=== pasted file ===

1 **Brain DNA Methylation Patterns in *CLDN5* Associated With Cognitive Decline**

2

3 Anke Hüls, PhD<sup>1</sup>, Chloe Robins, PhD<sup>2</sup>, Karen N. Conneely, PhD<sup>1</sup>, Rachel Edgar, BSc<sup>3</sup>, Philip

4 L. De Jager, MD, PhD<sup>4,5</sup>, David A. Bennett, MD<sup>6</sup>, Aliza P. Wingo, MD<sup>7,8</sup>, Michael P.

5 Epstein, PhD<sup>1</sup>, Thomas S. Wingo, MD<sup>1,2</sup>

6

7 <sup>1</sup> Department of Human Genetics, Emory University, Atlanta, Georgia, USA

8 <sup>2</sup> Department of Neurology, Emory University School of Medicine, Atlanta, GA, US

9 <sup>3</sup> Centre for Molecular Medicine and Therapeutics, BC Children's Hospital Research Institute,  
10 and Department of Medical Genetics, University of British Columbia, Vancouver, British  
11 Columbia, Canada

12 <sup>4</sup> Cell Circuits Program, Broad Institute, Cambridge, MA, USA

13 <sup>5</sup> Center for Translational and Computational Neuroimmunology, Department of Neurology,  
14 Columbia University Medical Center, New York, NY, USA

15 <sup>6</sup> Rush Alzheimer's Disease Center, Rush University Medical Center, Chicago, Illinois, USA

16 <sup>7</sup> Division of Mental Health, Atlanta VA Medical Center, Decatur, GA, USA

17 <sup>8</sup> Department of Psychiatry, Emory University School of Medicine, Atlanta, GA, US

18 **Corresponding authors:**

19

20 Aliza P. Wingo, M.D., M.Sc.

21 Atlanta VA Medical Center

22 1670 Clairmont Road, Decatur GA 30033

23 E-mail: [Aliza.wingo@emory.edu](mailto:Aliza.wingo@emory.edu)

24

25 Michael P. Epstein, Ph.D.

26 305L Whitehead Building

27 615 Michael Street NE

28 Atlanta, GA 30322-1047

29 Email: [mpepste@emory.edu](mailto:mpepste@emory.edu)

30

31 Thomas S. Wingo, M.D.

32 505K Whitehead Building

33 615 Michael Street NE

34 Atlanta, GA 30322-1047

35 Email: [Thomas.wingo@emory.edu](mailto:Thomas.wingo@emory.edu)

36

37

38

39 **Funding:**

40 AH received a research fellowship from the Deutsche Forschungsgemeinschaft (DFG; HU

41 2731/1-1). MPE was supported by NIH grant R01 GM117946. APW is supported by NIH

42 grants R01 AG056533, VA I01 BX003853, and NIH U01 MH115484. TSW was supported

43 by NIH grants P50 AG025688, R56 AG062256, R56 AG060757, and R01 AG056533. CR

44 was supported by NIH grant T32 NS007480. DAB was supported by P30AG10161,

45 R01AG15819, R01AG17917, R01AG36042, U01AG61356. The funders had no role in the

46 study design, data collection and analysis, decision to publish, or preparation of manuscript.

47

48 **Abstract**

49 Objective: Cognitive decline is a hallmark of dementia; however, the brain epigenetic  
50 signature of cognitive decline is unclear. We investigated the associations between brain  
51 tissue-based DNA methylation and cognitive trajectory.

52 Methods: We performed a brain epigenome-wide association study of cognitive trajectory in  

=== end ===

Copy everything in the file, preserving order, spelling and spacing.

1 **Brain DNA Methylation Patterns in *CLDN5* Associated With Cognitive Decline**

2

3 Anke Hüls, PhD<sup>1</sup>, Chloe Robins, PhD<sup>2</sup>, Karen N. Conneely, PhD<sup>1</sup>, Rachel Edgar, BSc<sup>3</sup>, Philip

4 L. De Jager, MD, PhD<sup>4,5</sup>, David A. Bennett, MD<sup>6</sup>, Aliza P. Wingo, MD<sup>7,8</sup>, Michael P.

5 Epstein, PhD<sup>1</sup>, Thomas S. Wingo, MD<sup>1,2</sup>

6

7 <sup>1</sup> Department of Human Genetics, Emory University, Atlanta, Georgia, USA

8 <sup>2</sup> Department of Neurology, Emory University School of Medicine, Atlanta, GA, US

9 <sup>3</sup> Centre for Molecular Medicine and Therapeutics, BC Children's Hospital Research Institute,  
10 and Department of Medical Genetics, University of British Columbia, Vancouver, British  
11 Columbia, Canada

12 <sup>4</sup> Cell Circuits Program, Broad Institute, Cambridge, MA, USA

13 <sup>5</sup> Center for Translational and Computational Neuroimmunology, Department of Neurology,  
14 Columbia University Medical Center, New York, NY, USA

15 <sup>6</sup> Rush Alzheimer's Disease Center, Rush University Medical Center, Chicago, Illinois, USA

16 <sup>7</sup> Division of Mental Health, Atlanta VA Medical Center, Decatur, GA, USA

17 <sup>8</sup> Department of Psychiatry, Emory University School of Medicine, Atlanta, GA, US

18 **Corresponding authors:**

19

20 Aliza P. Wingo, M.D., M.Sc.

21 Atlanta VA Medical Center

22 1670 Clairmont Road, Decatur GA 30033

23 E-mail: [Aliza.wingo@emory.edu](mailto:Aliza.wingo@emory.edu)

24

25 Michael P. Epstein, Ph.D.

26 305L Whitehead Building

27 615 Michael Street NE

28 Atlanta, GA 30322-1047

29 Email: [mpepste@emory.edu](mailto:mpepste@emory.edu)

30

31 Thomas S. Wingo, M.D.

32 505K Whitehead Building

33 615 Michael Street NE

34 Atlanta, GA 30322-1047

35 Email: [Thomas.wingo@emory.edu](mailto:Thomas.wingo@emory.edu)

36

37

38

39 **Funding:**

40 AH received a research fellowship from the Deutsche Forschungsgemeinschaft (DFG; HU

41 2731/1-1). MPE was supported by NIH grant R01 GM117946. APW is supported by NIH

42 grants R01 AG056533, VA I01 BX003853, and NIH U01 MH115484. TSW was supported

43 by NIH grants P50 AG025688, R56 AG062256, R56 AG060757, and R01 AG056533. CR

44 was supported by NIH grant T32 NS007480. DAB was supported by P30AG10161,

45 R01AG15819, R01AG17917, R01AG36042, U01AG61356. The funders had no role in the

46 study design, data collection and analysis, decision to publish, or preparation of manuscript.

47

48 **Abstract**

49 Objective: Cognitive decline is a hallmark of dementia; however, the brain epigenetic  
50 signature of cognitive decline is unclear. We investigated the associations between brain  
51 tissue-based DNA methylation and cognitive trajectory.

52 Methods: We performed a brain epigenome-wide association study of cognitive trajectory in  